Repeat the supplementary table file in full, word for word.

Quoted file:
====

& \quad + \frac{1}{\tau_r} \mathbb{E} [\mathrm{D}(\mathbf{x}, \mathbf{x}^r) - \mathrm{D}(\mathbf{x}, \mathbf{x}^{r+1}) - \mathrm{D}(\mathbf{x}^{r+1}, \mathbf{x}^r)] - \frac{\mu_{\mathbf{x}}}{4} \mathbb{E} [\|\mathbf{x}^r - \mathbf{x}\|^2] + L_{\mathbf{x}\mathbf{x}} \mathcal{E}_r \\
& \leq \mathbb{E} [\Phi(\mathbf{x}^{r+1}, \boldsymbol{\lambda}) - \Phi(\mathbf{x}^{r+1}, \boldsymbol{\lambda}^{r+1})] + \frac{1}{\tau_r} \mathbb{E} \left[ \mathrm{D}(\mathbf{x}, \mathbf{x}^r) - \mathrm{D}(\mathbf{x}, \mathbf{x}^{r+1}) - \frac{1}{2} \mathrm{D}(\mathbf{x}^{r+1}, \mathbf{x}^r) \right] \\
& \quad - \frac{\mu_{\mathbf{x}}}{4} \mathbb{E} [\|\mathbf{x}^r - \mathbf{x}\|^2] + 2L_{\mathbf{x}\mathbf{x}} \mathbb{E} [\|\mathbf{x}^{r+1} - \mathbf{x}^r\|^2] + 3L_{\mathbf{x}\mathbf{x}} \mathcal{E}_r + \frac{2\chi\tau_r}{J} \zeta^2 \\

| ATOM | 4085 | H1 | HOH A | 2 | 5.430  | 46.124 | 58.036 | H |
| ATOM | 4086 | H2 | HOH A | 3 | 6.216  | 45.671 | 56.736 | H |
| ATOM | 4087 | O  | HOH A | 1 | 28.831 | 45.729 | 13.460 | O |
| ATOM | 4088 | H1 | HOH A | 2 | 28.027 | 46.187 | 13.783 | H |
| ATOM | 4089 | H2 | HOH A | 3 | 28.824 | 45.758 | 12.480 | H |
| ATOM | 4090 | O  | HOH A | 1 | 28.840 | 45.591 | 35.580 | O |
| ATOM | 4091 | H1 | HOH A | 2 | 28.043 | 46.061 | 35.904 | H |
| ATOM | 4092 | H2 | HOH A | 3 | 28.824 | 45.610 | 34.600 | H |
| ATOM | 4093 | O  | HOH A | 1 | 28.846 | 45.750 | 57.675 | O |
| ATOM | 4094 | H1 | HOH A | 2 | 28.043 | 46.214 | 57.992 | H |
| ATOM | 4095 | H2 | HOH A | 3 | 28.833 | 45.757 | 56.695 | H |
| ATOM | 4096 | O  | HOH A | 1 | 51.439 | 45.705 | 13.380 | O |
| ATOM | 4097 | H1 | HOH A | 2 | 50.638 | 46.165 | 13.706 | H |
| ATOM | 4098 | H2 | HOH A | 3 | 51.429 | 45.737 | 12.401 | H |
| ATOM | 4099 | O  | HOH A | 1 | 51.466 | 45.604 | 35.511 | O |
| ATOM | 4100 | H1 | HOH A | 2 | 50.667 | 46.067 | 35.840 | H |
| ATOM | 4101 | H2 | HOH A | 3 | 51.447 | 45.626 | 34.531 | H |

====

& \quad + \frac{1}{\tau_r} \mathbb{E} [\mathrm{D}(\mathbf{x}, \mathbf{x}^r) - \mathrm{D}(\mathbf{x}, \mathbf{x}^{r+1}) - \mathrm{D}(\mathbf{x}^{r+1}, \mathbf{x}^r)] - \frac{\mu_{\mathbf{x}}}{4} \mathbb{E} [\|\mathbf{x}^r - \mathbf{x}\|^2] + L_{\mathbf{x}\mathbf{x}} \mathcal{E}_r \\
& \leq \mathbb{E} [\Phi(\mathbf{x}^{r+1}, \boldsymbol{\lambda}) - \Phi(\mathbf{x}^{r+1}, \boldsymbol{\lambda}^{r+1})] + \frac{1}{\tau_r} \mathbb{E} \left[ \mathrm{D}(\mathbf{x}, \mathbf{x}^r) - \mathrm{D}(\mathbf{x}, \mathbf{x}^{r+1}) - \frac{1}{2} \mathrm{D}(\mathbf{x}^{r+1}, \mathbf{x}^r) \right] \\
& \quad - \frac{\mu_{\mathbf{x}}}{4} \mathbb{E} [\|\mathbf{x}^r - \mathbf{x}\|^2] + 2L_{\mathbf{x}\mathbf{x}} \mathbb{E} [\|\mathbf{x}^{r+1} - \mathbf{x}^r\|^2] + 3L_{\mathbf{x}\mathbf{x}} \mathcal{E}_r + \frac{2\chi\tau_r}{J} \zeta^2 \\

| ATOM | 4085 | H1 | HOH A | 2 | 5.430  | 46.124 | 58.036 | H |
| ATOM | 4086 | H2 | HOH A | 3 | 6.216  | 45.671 | 56.736 | H |
| ATOM | 4087 | O  | HOH A | 1 | 28.831 | 45.729 | 13.460 | O |
| ATOM | 4088 | H1 | HOH A | 2 | 28.027 | 46.187 | 13.783 | H |
| ATOM | 4089 | H2 | HOH A | 3 | 28.824 | 45.758 | 12.480 | H |
| ATOM | 4090 | O  | HOH A | 1 | 28.840 | 45.591 | 35.580 | O |
| ATOM | 4091 | H1 | HOH A | 2 | 28.043 | 46.061 | 35.904 | H |
| ATOM | 4092 | H2 | HOH A | 3 | 28.824 | 45.610 | 34.600 | H |
| ATOM | 4093 | O  | HOH A | 1 | 28.846 | 45.750 | 57.675 | O |
| ATOM | 4094 | H1 | HOH A | 2 | 28.043 | 46.214 | 57.992 | H |
| ATOM | 4095 | H2 | HOH A | 3 | 28.833 | 45.757 | 56.695 | H |
| ATOM | 4096 | O  | HOH A | 1 | 51.439 | 45.705 | 13.380 | O |
| ATOM | 4097 | H1 | HOH A | 2 | 50.638 | 46.165 | 13.706 | H |
| ATOM | 4098 | H2 | HOH A | 3 | 51.429 | 45.737 | 12.401 | H |
| ATOM | 4099 | O  | HOH A | 1 | 51.466 | 45.604 | 35.511 | O |
| ATOM | 4100 | H1 | HOH A | 2 | 50.667 | 46.067 | 35.840 | H |
| ATOM | 4101 | H2 | HOH A | 3 | 51.447 | 45.626 | 34.531 | H |